Previous studies have shown that depression among teenagers and young adults has gotten more prevalent over the past decade. It is said that adolescence is a time of increased vulnerability to depression, which explains why 13 percent of teenagers aged 12 to 17 in the U.S. have experienced at least one episode of depression. Along with the continuous increase in the prevalence of depression among teenagers is the steady increase in social media use.
There has been an ongoing debate about whether Internet use has detrimental effects on young people’s mental health. Several studies have looked into the potential link between Internet use and depression, but most results were deemed non-significant, null, or contradicting, making it hard to determine whether social media causes depression.
Hence, a recent study published in the journal Computers in Human Behavior shed light on the bidirectional longitudinal relationships between the duration of Internet use, social connections, and depression to address these limitations from previous studies.
There are two comprehensive models linking Internet use with social connection and well-being, which suggest varying claims regarding the association between internet use and the risk of depression.
The Internet-enhanced self-disclosure hypothesis suggests that online activities foster self-disclosure and the quality of relationships, positively affecting well-being. Several studies support this hypothesis, stating that online communities reinforce social connections and increase the chances of interaction among young people, enhancing well-being. Hence, the Internet-enhanced self-disclosure hypothesis provides a comprehensive theoretical background to support the positive effects of Internet use on social connection and well-being.
On the other hand, the Evolutionary mismatch model states that Internet-related activities may reverse what ancestrally was an adaptive behavior into a new maladaptive one. The model argues that the crucial processes that foster intimacy, security, trust, and cooperation, such as creating close relationships and self-disclosing information to others, have been altered by internet-based communication. Further, using Internet-enabled devices may interfere instead of promoting the quality of everyday social interactions.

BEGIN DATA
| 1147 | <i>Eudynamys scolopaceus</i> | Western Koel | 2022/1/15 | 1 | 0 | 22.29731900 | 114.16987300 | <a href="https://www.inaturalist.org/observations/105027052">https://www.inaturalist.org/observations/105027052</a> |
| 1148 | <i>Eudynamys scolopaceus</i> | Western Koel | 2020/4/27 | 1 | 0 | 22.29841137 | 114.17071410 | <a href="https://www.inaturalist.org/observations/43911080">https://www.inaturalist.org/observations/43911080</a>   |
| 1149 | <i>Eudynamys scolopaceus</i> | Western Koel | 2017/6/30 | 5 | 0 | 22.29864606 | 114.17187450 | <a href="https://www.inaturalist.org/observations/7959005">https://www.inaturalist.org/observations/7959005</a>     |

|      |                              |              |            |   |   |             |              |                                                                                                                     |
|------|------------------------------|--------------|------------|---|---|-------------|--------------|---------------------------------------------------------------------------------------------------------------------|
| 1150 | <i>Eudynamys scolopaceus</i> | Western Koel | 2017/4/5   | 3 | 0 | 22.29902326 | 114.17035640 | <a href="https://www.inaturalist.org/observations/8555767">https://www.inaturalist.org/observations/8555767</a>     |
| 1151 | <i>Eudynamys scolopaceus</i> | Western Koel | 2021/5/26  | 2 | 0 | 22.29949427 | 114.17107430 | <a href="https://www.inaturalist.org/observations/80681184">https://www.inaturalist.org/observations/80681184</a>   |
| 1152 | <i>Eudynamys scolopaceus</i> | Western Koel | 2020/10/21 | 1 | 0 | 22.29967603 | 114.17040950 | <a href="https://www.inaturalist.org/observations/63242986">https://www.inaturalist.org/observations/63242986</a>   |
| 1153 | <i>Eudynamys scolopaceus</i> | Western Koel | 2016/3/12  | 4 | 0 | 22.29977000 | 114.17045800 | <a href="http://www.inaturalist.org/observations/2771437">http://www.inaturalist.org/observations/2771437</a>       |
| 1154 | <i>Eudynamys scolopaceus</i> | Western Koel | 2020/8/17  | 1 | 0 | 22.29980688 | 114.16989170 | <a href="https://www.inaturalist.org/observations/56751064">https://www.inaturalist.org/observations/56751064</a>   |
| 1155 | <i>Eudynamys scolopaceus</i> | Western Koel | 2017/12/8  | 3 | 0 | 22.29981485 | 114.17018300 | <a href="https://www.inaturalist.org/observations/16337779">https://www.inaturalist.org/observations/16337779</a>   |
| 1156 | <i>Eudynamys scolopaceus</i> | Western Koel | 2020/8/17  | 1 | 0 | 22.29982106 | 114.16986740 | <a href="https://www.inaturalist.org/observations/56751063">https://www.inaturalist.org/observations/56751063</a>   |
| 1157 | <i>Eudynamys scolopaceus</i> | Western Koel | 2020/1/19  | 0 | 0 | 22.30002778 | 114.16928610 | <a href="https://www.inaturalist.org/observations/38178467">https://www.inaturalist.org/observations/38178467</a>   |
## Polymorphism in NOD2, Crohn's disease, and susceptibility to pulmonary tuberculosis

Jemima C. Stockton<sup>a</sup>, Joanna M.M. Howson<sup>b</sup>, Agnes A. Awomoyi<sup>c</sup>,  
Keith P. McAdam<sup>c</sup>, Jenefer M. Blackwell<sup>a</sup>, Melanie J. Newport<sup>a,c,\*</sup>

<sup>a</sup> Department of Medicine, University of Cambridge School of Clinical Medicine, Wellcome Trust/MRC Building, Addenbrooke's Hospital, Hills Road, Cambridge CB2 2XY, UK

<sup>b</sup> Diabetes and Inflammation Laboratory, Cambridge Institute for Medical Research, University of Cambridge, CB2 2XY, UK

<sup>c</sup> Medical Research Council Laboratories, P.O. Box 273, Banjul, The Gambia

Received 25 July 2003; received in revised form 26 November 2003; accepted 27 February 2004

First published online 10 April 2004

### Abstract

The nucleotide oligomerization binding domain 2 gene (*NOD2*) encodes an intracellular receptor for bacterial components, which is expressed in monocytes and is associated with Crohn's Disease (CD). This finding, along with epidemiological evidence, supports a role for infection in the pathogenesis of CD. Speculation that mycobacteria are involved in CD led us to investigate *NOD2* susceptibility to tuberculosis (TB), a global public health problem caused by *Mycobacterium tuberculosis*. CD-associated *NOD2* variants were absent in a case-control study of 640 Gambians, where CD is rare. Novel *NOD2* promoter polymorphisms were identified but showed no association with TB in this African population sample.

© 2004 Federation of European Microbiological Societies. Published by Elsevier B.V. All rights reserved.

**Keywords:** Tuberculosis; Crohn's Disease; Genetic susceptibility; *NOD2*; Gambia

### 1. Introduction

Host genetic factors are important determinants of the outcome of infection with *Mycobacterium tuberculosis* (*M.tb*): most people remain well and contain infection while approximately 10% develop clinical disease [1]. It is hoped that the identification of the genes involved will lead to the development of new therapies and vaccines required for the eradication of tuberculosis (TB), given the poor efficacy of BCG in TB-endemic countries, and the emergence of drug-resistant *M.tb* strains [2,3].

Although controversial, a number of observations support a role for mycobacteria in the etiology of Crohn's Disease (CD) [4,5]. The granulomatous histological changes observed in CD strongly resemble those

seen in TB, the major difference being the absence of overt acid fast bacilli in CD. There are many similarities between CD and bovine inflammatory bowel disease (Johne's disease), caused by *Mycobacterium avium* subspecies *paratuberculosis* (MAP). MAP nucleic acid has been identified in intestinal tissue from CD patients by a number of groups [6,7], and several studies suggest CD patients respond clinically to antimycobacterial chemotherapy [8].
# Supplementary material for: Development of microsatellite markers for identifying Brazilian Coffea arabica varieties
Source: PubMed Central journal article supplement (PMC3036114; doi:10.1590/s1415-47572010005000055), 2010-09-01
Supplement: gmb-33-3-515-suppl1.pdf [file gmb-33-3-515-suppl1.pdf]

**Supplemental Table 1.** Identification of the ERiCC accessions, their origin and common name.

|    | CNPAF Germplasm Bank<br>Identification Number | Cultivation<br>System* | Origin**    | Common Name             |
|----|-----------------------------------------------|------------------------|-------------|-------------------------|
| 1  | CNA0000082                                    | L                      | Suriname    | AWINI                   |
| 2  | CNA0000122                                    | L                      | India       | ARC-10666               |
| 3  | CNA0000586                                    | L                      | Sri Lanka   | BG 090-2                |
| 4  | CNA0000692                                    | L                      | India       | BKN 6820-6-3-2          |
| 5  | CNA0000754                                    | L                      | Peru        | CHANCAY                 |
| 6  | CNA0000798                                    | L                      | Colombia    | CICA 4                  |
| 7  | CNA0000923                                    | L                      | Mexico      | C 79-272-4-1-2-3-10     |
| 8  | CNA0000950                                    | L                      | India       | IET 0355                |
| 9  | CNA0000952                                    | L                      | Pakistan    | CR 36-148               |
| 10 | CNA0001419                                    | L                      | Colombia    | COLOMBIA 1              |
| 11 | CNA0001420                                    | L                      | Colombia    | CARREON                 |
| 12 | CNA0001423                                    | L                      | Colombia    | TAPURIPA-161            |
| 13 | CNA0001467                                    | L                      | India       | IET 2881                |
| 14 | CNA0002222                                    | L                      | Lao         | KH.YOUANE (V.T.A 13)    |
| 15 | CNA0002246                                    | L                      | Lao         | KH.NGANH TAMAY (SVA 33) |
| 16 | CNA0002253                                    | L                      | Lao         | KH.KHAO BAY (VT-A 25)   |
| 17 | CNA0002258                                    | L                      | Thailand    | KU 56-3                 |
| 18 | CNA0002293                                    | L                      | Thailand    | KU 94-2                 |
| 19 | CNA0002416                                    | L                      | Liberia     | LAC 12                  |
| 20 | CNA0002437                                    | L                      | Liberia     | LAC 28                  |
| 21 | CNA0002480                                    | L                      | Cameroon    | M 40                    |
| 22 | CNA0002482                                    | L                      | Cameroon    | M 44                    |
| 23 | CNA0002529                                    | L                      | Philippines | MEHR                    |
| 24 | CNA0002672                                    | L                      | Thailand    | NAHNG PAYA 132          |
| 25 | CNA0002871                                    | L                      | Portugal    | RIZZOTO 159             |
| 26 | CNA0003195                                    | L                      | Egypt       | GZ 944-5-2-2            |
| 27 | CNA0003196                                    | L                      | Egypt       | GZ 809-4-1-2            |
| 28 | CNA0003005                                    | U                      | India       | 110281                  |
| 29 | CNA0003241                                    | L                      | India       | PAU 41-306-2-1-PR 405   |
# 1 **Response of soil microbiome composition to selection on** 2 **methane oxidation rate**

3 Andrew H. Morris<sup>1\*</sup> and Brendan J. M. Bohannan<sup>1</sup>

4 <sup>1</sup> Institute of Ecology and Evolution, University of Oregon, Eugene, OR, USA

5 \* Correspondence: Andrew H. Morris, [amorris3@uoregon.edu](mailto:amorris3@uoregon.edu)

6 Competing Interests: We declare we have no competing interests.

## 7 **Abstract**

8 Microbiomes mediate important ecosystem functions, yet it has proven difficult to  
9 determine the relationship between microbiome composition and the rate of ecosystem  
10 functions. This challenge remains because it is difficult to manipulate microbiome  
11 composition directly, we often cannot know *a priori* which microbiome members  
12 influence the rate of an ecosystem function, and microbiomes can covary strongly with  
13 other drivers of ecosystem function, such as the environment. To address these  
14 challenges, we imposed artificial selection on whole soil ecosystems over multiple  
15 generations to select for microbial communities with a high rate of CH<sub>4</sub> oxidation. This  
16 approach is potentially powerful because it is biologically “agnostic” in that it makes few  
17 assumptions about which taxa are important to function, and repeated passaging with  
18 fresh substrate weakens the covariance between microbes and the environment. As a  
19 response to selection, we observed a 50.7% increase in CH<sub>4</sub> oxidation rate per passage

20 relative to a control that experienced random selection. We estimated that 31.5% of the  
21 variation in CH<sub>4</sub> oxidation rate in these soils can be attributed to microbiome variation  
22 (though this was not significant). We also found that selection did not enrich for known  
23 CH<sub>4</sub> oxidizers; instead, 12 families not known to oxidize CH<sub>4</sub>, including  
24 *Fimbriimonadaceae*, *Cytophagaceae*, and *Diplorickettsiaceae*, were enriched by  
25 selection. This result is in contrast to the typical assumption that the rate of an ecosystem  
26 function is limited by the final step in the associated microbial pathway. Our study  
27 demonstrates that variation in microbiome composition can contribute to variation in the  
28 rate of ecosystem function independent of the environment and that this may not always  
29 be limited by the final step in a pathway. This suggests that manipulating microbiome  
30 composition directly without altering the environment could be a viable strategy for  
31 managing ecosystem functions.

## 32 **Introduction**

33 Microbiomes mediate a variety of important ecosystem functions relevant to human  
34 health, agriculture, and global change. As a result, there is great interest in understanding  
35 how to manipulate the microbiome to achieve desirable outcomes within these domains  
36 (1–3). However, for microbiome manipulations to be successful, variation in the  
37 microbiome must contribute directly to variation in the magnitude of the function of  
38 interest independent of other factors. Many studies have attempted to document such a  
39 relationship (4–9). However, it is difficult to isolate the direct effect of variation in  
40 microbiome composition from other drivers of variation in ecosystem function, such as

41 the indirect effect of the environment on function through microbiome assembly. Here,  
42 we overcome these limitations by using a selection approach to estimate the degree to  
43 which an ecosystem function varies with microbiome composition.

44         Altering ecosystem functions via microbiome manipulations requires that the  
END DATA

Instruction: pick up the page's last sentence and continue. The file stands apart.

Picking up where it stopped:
The difficulty of establishing deep and meaningful friendships online would be detrimental to overall well-being. At the same time, Internet use may interfere with ongoing activities, not only by displacing time for activities like homework, physical exercise, sleep, and social time with family and friends, which are known to protect from negative outcomes, but also by interfering with the basic cognitive processes of personal communication.
Consequently, Internet use reduces well-being and increases the risks of depression, loneliness, and anxiety symptoms by diminishing relationship satisfaction.
The new research draws on the two comprehensive models linking internet use with social connection and well-being to investigate the bidirectional effects of Internet use, social connections, and depression.
The study collected data over three years from 981 adolescents, which they then analyzed using an extension of the Random Intercept-Cross Lagged Panel Model.
Based on their analysis, the researchers found four main findings stating that:
The findings demonstrate that a higher duration of Internet use can increase depression, and, to a lower extent, higher depression levels can also increase the duration of Internet use. Heavier Internet users reported higher levels of social connections with friends. Being female and possessing Internet-enabled mobile devices contributed to higher initial depressive symptoms, whereas having a good family relationship was a protective factor.
The study’s results partly support both theoretical models and highlight the importance of including contextual factors in explaining such relationships.
Regardless of whether internet use or social media can cause depression, users should still be mindful of how they utilize the Internet, as everything in excess can lead to something bad.
Spending excessive time on the Internet to the point of neglecting basic chores, duties, and daily life activities may adversely affect your health, relationship with others, and overall well-being.
Hence, the effect of internet use on one’s mental health and overall well-being largely depends on the person’s ability to ensure healthy social media use by creating a healthy balance between time spent on the Internet and other life activities.
Marciano, L., Schulz, P. J., & Camerini, A.-L. (2022). How do depression, duration of internet use and social connection in adolescence influence each other over time? an extension of the RI-CLPM including contextual factors. Computers in Human Behavior, 136, 107390. https://doi.org/10.1016/j.chb.2022.107390